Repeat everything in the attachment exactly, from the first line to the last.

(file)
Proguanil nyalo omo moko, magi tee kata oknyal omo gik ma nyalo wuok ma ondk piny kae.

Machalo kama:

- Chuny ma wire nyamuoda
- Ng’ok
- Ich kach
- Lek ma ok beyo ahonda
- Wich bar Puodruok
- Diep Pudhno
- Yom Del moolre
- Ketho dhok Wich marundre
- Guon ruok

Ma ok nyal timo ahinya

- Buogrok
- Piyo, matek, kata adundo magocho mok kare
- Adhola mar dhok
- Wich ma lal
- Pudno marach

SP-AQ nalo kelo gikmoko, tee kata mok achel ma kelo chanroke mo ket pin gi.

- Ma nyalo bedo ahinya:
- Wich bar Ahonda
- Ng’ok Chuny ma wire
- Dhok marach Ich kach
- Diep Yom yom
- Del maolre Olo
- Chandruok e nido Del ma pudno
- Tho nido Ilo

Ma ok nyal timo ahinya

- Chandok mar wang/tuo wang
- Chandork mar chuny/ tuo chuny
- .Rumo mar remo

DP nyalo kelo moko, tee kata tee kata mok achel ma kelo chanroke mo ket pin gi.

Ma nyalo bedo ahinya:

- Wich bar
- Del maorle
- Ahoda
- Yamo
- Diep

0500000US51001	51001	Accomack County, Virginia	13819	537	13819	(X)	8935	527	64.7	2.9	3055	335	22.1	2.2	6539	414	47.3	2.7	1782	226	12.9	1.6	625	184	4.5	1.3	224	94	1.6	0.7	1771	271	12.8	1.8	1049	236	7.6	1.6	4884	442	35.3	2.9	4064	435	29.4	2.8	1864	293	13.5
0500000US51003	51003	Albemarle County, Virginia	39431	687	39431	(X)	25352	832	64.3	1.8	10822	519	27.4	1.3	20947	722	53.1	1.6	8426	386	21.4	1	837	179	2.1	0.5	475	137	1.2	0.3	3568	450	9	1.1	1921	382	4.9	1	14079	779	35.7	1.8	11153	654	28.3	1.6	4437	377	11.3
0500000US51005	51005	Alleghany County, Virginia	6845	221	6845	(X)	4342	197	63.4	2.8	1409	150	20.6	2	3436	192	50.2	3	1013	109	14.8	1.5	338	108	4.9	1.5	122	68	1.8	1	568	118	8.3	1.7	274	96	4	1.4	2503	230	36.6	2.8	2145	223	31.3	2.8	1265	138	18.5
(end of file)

Proguanil nyalo omo moko, magi tee kata oknyal omo gik ma nyalo wuok ma ondk piny kae.

Machalo kama:

- Chuny ma wire nyamuoda
- Ng’ok
- Ich kach
- Lek ma ok beyo ahonda
- Wich bar Puodruok
- Diep Pudhno
- Yom Del moolre
- Ketho dhok Wich marundre
- Guon ruok

Ma ok nyal timo ahinya

- Buogrok
- Piyo, matek, kata adundo magocho mok kare
- Adhola mar dhok
- Wich ma lal
- Pudno marach

SP-AQ nalo kelo gikmoko, tee kata mok achel ma kelo chanroke mo ket pin gi.

- Ma nyalo bedo ahinya:
- Wich bar Ahonda
- Ng’ok Chuny ma wire
- Dhok marach Ich kach
- Diep Yom yom
- Del maolre Olo
- Chandruok e nido Del ma pudno
- Tho nido Ilo

Ma ok nyal timo ahinya

- Chandok mar wang/tuo wang
- Chandork mar chuny/ tuo chuny
- .Rumo mar remo

DP nyalo kelo moko, tee kata tee kata mok achel ma kelo chanroke mo ket pin gi.

Ma nyalo bedo ahinya:

- Wich bar
- Del maorle
- Ahoda
- Yamo
- Diep

0500000US51001	51001	Accomack County, Virginia	13819	537	13819	(X)	8935	527	64.7	2.9	3055	335	22.1	2.2	6539	414	47.3	2.7	1782	226	12.9	1.6	625	184	4.5	1.3	224	94	1.6	0.7	1771	271	12.8	1.8	1049	236	7.6	1.6	4884	442	35.3	2.9	4064	435	29.4	2.8	1864	293	13.5
0500000US51003	51003	Albemarle County, Virginia	39431	687	39431	(X)	25352	832	64.3	1.8	10822	519	27.4	1.3	20947	722	53.1	1.6	8426	386	21.4	1	837	179	2.1	0.5	475	137	1.2	0.3	3568	450	9	1.1	1921	382	4.9	1	14079	779	35.7	1.8	11153	654	28.3	1.6	4437	377	11.3
0500000US51005	51005	Alleghany County, Virginia	6845	221	6845	(X)	4342	197	63.4	2.8	1409	150	20.6	2	3436	192	50.2	3	1013	109	14.8	1.5	338	108	4.9	1.5	122	68	1.8	1	568	118	8.3	1.7	274	96	4	1.4	2503	230	36.6	2.8	2145	223	31.3	2.8	1265	138	18.5